• Kayaking on Lake Huron is not suited for beginner and inexperienced paddlers.
  • Always kayak with a group. Three boats is a recommended minimum. Make sure there are experienced paddlers in every group.
  • Take a kayak safety and paddling class. Obtain the knowledge, skills and ability necessary for kayaking and canoeing.
  • Determine weather conditions for the days you’ll be on the water, storms and heavy seas on Lake Huron are dangerous.
  • Do your pre-paddle homework; choose a route that fits your abilities, identify access sites, and know the water.
  • Experience. Match your experience to the conditions. Err on the side of caution. The greater your training and paddling experience the greater the range of conditions you should be able to handle with relative safety.
  • Dress for immersion. Hypothermia is a major factor in many kayaking deaths. Know the water temperature before you start paddling and use a wetsuit or dry suit as appropriate. Layering using synthetics like fleece and having a warm hat is important in cooler conditions. 
  • Match kayak to conditions. A recreational kayak with no built-in buoyancy is not suitable for big waters just like a sea kayak is risky in strong whitewater conditions where a nimble boat is required. Know the conditions for which your kayak was designed and respect those limits.
  • File a float plan with friends, family, or the authorities.
  • Always wear a U.S. Coast Guard approved life jacket. Your personal flotation device should be highly visible, adjust to accommodate different clothing weights and allow free arm movement. It should also be comfortable enough to wear zipped anytime you’re on the water.
  • Be visible - wear bright colors so others can see you between waves or in the fog. Carry a bright light, flares, and whistle to signal your position.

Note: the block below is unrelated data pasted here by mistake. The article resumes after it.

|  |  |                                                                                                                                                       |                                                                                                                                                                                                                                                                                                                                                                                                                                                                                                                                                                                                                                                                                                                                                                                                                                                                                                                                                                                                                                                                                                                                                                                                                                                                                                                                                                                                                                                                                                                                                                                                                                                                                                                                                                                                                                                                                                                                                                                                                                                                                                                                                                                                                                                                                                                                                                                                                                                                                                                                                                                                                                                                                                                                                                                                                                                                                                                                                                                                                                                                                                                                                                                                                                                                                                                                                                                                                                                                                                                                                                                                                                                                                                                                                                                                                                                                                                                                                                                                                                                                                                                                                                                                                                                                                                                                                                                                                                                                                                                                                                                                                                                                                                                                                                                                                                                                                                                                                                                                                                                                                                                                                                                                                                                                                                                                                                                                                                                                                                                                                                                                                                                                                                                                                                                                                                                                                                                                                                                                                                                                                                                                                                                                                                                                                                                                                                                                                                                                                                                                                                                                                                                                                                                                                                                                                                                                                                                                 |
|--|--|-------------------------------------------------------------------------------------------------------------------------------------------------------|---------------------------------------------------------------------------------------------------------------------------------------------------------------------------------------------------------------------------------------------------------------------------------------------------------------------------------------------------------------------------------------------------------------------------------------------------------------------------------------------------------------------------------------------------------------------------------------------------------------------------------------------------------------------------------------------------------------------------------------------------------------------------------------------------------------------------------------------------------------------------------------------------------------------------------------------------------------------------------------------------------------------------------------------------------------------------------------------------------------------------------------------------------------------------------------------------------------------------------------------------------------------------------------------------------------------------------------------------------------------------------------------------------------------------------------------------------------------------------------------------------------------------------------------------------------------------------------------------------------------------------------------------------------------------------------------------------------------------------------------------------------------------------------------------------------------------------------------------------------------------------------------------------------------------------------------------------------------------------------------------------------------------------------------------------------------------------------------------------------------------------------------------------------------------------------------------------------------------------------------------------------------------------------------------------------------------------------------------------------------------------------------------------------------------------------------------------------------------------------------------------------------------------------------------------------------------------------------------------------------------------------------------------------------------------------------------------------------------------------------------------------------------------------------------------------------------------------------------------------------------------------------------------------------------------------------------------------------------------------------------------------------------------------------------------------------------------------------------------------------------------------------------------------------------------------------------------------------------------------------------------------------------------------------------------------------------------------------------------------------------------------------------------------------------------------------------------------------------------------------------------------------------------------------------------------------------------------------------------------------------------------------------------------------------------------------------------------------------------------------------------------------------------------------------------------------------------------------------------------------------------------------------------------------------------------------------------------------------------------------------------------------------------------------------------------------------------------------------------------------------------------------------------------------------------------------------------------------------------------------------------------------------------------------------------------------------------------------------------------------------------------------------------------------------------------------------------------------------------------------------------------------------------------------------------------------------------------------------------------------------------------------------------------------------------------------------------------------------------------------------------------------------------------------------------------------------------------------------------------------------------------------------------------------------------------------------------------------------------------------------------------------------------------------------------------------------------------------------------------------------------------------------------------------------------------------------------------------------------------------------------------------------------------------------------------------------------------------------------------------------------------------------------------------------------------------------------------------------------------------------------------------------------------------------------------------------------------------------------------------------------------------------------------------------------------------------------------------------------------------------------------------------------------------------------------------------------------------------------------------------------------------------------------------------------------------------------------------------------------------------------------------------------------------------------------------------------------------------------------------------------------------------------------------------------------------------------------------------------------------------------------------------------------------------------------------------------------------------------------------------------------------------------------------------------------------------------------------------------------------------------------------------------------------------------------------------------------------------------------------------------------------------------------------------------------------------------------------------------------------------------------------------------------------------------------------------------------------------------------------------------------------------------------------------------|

• Spray skirt. A spray skirt seals you inside the kayak. One end fits around your waist, and the other end attaches to the cockpit coaming. Although not completely waterproof, a spray skirt keeps water out of the cockpit, protects your legs from the sun and keeps you warm in cold weather.
  • Bilge pump. A hand-operated bilge pump can help you remove water from your boat. Make sure it has a float collar so it won’t sink.
  • Paddle float and rescue sling. An inflatable bladder that slips over a paddle blade, a paddle float provides flotation and support when you re-enter your boat from the water. A rescue sling is a piece of floating line made into a loop with double fisherman’s knots. It’s useful for rigging a stirrup to give you a boost as you climb back into the cockpit.
  • Spare paddle and paddle leash.
  • Signaling devices. You’ll need a variety of sound and visual signals for day and night use. Your stash should include a waterproof flashlight, whistle, flares, strobes, smoke canisters, dye markers and signaling mirrors.
  • Bring appropriate safety, rescue, and navigational aids and more than adequate food, water, and extra protective clothing. Do not wear cotton!
  • VHF radio and cell phone. A VHF radio lets you put out a distress call to the Coast Guard and nearby boaters. A cell phone is best for staying in touch with people on shore. (Note:  Cell phones are not a reliable means of communication when paddling on the water.  Most are not waterproof, difficult to dial when in an emergency situation and it only communicates to one person.  VHF radios are much easier to use, and communicate with everyone monitoring that channel within range.)  If you are taking along a cell phone, be sure to use a recommended small water tight bag.
  • Be comfortable in the water, out of your boat.
  • Know how to get out and back in your kayak. There are techniques for getting back into your kayak by yourself or with the help of another paddler. Learn them and practice them. Get comfortable with tipping over, popping your sprayskirt and getting out of your cockpit efficiently. Don't let go of your kayak once you are in the water.
  • Know how to self-rescue. Practice! Practice! Practice!
  • Pick an activity level that matches your ability and progress to more demanding challenges.
  • Fuel and water. Keep yourself well fed and watered while paddling. Dehydration and hunger weaken you physically and impair your judgment. Eat and rehydrate at least once every 90 minutes.
  • Monitor your physical and emotional condition, and watch the other members or your group for fatigue, illness, and changes in behavior.

Safety Sources

Commander Bob’s web site    http://www.commanderbob.com/

Chicago Area Sea Kayakers Association     http://www.caska.org/

Other Sites



Paddling 101 ACA


Beginners Guide ACA


Huron Shores Coastal Trails